Other factors identified in connection with recurrence of lumbar disc herniation from previous studies include young age, male sex, smoking, and a history of trauma.[9],[20],[21] Smoking has been known to cause capillary vessels to contract, affects cellular multiplication and cellular metabolism and also reduces the rate of wound healing.[21]


We have attempted to provide some useful outcomes data for patients with recurrent lumbar disc herniation. There was a rather small sample size of only 26 patients for this assessment, and selection criteria at the time of the surgeries were simply based on surgeon preference. Due to the retrospective nature of the study, there was considerable difficulty with reaching some of the patients during the follow-up period, leading to the lack of uniformity in the duration of follow-up as well as reduction in follow-up rate to just 54%. Furthermore, the postoperative evaluation of pain was simply clinician-based using the nonvalidated outcomes assessment as presented, graded on a scale of 1 (complete pain relief) to 5 (worsening of pain) and not a comprehensive measure of the quality of life.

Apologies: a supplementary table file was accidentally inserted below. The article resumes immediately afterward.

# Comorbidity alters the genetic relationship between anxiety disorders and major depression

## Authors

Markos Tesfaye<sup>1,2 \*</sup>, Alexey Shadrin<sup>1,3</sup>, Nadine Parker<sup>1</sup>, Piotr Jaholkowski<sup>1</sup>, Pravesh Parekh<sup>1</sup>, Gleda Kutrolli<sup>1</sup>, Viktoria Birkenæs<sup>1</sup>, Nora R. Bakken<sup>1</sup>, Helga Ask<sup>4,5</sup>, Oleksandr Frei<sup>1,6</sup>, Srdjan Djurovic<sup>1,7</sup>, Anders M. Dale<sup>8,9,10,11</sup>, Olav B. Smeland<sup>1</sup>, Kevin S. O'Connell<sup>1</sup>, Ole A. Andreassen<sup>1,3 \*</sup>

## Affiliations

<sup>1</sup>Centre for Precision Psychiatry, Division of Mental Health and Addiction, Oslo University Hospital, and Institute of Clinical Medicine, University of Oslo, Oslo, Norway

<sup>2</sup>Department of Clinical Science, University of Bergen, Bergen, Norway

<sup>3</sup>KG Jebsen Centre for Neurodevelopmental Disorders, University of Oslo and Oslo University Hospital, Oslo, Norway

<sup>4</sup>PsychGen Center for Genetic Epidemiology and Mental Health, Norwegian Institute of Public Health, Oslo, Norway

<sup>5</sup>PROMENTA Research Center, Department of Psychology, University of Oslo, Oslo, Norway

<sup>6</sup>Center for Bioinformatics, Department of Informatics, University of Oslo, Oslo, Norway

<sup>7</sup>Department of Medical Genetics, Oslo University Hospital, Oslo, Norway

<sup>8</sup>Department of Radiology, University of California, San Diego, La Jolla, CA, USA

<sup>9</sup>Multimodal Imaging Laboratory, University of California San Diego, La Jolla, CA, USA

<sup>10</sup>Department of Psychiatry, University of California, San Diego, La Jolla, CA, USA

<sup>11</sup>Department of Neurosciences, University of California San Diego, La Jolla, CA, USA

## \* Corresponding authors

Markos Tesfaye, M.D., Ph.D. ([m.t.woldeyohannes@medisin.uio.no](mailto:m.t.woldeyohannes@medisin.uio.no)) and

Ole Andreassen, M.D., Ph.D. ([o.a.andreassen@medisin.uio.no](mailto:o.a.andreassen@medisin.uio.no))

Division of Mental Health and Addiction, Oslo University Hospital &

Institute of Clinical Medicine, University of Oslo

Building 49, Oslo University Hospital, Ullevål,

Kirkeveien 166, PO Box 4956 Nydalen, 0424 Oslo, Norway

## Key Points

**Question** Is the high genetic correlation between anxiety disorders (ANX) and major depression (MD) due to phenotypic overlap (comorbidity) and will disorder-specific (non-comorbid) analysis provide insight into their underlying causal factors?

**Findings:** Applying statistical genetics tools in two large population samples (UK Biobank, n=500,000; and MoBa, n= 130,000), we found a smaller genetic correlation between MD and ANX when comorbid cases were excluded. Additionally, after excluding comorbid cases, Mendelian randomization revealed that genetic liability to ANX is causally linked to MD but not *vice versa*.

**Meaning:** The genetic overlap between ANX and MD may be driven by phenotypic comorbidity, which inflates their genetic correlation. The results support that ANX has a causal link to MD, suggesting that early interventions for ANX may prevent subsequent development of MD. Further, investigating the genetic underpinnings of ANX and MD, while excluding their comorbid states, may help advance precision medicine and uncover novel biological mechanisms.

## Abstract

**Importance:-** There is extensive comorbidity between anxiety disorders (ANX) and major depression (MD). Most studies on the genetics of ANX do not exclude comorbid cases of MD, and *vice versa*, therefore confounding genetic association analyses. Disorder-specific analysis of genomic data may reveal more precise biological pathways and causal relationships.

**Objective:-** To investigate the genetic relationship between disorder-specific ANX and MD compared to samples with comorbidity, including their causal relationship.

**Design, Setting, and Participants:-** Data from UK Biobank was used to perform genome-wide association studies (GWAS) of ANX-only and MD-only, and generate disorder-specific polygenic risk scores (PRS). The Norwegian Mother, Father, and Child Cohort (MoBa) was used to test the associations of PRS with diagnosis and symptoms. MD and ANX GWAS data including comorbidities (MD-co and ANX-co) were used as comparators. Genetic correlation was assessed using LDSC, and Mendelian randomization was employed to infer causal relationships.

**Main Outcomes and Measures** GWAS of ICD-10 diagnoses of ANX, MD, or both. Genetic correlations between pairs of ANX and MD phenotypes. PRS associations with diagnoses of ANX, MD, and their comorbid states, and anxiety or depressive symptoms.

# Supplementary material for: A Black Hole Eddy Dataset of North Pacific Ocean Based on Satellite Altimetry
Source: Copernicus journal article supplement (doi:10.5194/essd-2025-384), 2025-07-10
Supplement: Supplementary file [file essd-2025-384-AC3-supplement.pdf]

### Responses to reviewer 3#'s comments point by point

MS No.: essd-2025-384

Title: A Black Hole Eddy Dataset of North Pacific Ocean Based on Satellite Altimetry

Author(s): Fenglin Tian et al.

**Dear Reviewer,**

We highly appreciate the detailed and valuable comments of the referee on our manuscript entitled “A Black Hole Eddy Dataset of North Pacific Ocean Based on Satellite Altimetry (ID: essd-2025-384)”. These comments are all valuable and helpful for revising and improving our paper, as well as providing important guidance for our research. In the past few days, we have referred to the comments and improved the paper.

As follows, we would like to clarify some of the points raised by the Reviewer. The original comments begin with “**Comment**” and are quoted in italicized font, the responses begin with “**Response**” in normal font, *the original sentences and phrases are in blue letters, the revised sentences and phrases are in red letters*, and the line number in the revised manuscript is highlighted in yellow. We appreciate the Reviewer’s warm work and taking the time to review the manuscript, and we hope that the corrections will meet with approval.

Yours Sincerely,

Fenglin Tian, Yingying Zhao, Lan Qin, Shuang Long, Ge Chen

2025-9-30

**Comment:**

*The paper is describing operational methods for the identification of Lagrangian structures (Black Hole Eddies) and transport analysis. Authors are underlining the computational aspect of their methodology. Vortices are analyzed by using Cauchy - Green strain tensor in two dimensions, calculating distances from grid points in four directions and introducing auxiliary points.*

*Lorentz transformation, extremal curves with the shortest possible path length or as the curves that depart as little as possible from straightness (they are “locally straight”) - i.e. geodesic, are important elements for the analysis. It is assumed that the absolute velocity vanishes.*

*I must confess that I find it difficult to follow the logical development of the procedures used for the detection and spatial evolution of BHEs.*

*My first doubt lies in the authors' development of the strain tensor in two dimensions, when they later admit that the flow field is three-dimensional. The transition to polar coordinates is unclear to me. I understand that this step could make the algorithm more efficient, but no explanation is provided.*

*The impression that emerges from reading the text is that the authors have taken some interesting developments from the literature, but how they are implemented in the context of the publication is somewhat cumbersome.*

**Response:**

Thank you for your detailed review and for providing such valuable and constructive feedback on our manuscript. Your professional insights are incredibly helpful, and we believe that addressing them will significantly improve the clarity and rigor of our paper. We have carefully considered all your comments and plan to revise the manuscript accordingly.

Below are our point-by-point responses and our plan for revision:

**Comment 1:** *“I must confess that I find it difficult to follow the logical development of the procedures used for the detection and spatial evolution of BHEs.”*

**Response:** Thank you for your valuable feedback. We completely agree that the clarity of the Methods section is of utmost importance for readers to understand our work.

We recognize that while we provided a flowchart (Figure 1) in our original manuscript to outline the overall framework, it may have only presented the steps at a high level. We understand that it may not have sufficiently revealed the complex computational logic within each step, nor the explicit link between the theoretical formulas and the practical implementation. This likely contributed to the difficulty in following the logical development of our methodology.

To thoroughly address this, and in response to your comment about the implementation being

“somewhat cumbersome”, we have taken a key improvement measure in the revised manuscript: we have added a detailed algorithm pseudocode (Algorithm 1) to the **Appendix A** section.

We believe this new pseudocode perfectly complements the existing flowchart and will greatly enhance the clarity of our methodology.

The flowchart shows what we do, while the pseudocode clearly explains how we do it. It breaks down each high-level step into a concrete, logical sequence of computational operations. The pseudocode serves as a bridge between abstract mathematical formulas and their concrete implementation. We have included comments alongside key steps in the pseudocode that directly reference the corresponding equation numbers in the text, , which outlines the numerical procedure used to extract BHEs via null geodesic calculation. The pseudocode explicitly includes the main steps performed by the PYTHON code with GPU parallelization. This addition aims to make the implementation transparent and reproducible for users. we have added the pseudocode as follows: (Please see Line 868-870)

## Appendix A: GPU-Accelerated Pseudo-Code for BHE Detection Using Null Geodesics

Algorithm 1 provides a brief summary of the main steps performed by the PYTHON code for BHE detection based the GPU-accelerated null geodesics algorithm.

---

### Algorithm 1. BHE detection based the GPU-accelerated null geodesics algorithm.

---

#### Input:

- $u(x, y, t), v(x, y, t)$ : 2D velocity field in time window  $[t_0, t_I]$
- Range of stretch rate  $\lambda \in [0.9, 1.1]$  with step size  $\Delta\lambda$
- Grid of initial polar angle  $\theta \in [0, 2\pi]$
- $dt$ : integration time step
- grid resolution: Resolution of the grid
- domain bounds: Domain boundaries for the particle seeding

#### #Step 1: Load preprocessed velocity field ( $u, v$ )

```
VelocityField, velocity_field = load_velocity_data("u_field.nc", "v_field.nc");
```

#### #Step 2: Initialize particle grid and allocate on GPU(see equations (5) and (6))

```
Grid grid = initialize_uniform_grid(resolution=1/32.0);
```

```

Despite these drawbacks and concerns with the possibility of some difficulty with statistical detection of differences where they probably existed, we still believe this review to form a strong basis for further evaluations on a much larger scale to further confirm the findings.